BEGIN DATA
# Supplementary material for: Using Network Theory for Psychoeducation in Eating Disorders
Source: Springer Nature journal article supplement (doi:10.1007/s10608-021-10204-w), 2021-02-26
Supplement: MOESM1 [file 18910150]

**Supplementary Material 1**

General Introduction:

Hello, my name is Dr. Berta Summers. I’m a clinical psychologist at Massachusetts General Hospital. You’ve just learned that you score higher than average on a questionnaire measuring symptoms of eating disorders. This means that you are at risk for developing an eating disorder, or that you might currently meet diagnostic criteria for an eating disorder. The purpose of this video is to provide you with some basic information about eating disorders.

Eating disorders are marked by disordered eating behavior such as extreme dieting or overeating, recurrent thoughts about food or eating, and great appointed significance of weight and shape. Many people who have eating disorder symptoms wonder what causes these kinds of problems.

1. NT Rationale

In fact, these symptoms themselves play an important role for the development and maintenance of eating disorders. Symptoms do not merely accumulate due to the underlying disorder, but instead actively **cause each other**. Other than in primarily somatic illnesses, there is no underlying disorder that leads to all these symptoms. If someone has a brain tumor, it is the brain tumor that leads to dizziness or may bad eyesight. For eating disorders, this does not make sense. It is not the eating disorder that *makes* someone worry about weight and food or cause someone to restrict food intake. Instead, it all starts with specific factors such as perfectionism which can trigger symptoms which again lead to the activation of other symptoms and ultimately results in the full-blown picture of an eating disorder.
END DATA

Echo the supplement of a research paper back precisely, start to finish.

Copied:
# Supplementary material for: Using Network Theory for Psychoeducation in Eating Disorders
Source: Springer Nature journal article supplement (doi:10.1007/s10608-021-10204-w), 2021-02-26
Supplement: MOESM1 [file 18910150]

**Supplementary Material 1**

General Introduction:

Hello, my name is Dr. Berta Summers. I’m a clinical psychologist at Massachusetts General Hospital. You’ve just learned that you score higher than average on a questionnaire measuring symptoms of eating disorders. This means that you are at risk for developing an eating disorder, or that you might currently meet diagnostic criteria for an eating disorder. The purpose of this video is to provide you with some basic information about eating disorders.

Eating disorders are marked by disordered eating behavior such as extreme dieting or overeating, recurrent thoughts about food or eating, and great appointed significance of weight and shape. Many people who have eating disorder symptoms wonder what causes these kinds of problems.

1. NT Rationale

In fact, these symptoms themselves play an important role for the development and maintenance of eating disorders. Symptoms do not merely accumulate due to the underlying disorder, but instead actively **cause each other**. Other than in primarily somatic illnesses, there is no underlying disorder that leads to all these symptoms. If someone has a brain tumor, it is the brain tumor that leads to dizziness or may bad eyesight. For eating disorders, this does not make sense. It is not the eating disorder that *makes* someone worry about weight and food or cause someone to restrict food intake. Instead, it all starts with specific factors such as perfectionism which can trigger symptoms which again lead to the activation of other symptoms and ultimately results in the full-blown picture of an eating disorder.